Medellin, now sprawling with more than three million people as Colombia’s second city, is fast becoming an ultra-modern conurbation of rapid transit, experimental architecture, and rising seas of skyscrapers. So it’s comforting to know that you can take the city train to a well-preserved (well, mostly fabricated) monument to Medellin’s quaint colonial past.
The absolutely adorable Spanish pueblito (“little town”) of Paisa, founded in 1978, crowns 80m (262ft) Cerro Nutibara, a natural landmark named for legendary Cacique (Chief) Nuibara. It would worth climbing just for the views. Today it is home to a perfect central plaza, surrounded by colonial adobes rescued from an actual Spanish outpost since flooded by the Penol-Guatape Hydroelectric Project. The beautifully restored buildings, complete with flower-draped wooden balconies and ceramic tejas tiles, is centered on the single cutest Catholic chapel you’ve ever seen.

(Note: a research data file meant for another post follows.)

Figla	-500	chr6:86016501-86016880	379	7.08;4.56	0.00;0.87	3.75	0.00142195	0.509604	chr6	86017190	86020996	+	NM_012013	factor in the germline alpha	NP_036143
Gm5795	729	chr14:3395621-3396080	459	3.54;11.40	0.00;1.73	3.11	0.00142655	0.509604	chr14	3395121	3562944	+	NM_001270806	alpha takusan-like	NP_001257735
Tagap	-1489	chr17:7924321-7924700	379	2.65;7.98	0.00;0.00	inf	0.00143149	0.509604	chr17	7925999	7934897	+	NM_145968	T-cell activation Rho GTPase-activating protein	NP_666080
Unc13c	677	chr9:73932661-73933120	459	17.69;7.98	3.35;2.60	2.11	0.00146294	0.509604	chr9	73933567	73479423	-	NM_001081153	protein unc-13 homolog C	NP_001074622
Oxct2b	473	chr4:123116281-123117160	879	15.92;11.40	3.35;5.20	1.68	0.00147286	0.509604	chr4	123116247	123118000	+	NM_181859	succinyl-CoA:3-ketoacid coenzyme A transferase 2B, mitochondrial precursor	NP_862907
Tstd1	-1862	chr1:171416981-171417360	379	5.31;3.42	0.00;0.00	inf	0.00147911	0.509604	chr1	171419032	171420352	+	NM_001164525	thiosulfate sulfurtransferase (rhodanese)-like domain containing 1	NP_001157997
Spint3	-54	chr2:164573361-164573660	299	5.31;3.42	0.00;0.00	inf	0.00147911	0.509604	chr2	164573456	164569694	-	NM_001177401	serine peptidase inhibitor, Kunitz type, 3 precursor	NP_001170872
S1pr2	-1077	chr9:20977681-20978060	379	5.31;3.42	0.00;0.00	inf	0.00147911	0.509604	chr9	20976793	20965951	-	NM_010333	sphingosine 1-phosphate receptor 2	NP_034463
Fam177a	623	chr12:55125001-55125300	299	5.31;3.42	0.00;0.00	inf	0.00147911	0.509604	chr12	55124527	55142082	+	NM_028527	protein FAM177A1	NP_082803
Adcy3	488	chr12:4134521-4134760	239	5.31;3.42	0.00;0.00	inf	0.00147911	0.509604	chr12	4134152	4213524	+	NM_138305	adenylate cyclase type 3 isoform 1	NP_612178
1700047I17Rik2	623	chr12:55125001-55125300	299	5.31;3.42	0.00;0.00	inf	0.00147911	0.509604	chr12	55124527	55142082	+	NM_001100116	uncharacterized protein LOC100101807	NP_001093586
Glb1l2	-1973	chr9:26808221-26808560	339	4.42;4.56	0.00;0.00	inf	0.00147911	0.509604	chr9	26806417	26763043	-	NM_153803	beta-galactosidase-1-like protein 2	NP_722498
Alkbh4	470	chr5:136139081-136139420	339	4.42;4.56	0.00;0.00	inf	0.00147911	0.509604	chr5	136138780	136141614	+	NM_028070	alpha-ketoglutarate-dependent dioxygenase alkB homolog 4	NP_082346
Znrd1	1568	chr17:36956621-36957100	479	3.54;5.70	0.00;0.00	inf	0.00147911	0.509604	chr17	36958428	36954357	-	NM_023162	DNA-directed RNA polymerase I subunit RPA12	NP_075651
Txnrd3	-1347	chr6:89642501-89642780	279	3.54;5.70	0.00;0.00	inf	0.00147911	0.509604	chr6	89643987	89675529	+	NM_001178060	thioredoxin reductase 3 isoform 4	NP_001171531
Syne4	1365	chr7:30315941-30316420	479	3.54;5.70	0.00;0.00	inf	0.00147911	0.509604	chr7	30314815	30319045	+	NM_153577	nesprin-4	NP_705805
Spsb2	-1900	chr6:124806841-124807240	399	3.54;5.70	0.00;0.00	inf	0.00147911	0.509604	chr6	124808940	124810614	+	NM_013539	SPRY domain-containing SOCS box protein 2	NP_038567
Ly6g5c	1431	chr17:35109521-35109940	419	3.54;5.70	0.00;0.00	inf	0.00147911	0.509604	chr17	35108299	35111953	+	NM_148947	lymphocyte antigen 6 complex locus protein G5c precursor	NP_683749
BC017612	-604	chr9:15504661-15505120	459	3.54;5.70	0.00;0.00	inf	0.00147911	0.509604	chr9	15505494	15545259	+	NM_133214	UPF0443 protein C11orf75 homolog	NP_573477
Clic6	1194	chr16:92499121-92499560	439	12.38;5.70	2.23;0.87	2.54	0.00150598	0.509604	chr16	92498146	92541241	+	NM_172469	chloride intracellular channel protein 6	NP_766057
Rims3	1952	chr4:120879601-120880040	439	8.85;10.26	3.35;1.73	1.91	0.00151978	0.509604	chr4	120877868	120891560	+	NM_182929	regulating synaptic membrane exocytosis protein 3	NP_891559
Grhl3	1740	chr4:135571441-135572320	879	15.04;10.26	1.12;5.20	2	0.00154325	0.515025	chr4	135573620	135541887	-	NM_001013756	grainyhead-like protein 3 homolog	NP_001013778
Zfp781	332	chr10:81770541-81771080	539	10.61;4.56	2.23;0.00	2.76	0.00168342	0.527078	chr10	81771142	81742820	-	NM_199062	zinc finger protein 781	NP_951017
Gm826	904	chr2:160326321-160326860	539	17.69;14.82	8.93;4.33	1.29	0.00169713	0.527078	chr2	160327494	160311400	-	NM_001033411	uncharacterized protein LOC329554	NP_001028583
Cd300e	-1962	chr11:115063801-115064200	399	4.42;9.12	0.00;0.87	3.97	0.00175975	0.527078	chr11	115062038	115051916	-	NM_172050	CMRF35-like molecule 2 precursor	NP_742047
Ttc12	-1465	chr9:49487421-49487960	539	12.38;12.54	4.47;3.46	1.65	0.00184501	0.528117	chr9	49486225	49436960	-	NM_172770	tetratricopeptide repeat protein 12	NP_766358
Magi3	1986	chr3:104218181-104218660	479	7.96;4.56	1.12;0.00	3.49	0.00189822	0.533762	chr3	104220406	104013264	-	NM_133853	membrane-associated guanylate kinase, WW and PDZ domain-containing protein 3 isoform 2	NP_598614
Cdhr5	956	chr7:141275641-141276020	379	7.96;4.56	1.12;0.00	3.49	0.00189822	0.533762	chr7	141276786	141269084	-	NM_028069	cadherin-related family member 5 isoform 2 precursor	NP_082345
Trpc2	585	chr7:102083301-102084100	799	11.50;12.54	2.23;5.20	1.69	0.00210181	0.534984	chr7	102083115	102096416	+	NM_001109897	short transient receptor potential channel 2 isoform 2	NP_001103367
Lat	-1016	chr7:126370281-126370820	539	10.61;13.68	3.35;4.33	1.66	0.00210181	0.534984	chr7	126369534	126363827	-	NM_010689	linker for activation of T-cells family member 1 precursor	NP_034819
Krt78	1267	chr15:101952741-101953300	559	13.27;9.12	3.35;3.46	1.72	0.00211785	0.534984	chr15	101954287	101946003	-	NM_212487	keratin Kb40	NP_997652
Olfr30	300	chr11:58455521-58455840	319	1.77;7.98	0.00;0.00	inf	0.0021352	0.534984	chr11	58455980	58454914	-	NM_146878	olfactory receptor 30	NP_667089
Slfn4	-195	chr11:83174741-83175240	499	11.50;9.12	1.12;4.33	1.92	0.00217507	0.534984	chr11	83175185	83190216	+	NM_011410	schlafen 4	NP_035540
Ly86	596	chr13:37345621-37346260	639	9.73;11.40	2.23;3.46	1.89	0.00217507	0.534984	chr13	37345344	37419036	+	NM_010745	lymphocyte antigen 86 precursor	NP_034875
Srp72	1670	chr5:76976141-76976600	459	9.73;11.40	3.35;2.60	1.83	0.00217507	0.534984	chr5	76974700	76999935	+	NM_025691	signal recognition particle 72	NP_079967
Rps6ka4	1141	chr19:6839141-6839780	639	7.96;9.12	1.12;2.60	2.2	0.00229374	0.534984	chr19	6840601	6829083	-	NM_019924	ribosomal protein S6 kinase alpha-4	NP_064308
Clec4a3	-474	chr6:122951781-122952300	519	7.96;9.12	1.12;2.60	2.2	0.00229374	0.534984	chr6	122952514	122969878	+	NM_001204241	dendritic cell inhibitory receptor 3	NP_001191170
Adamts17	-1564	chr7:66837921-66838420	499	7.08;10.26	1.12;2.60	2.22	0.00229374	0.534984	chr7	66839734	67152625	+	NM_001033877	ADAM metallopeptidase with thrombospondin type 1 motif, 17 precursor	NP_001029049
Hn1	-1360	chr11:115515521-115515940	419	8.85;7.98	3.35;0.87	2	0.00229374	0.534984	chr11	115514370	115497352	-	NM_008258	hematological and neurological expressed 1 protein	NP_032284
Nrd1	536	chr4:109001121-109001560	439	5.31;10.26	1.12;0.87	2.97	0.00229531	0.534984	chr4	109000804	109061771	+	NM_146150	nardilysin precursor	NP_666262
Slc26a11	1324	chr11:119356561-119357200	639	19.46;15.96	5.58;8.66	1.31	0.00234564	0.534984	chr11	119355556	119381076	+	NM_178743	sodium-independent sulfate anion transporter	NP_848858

While originally designed to depict businesses you’d find in a typical rural community—pharmacy, tobacconist, barber—as well as a school and city hall, have been largely replaced with souvenir shops, and the place is populated by a surprising number of mimes and living statues, especially on weekends.
Be sure to visit the Parque de Esculturas, next door, displaying the artistic inclinations of modern Medellin and Latin America, an interesting contrast to the idealized vision of the city’s colonial past.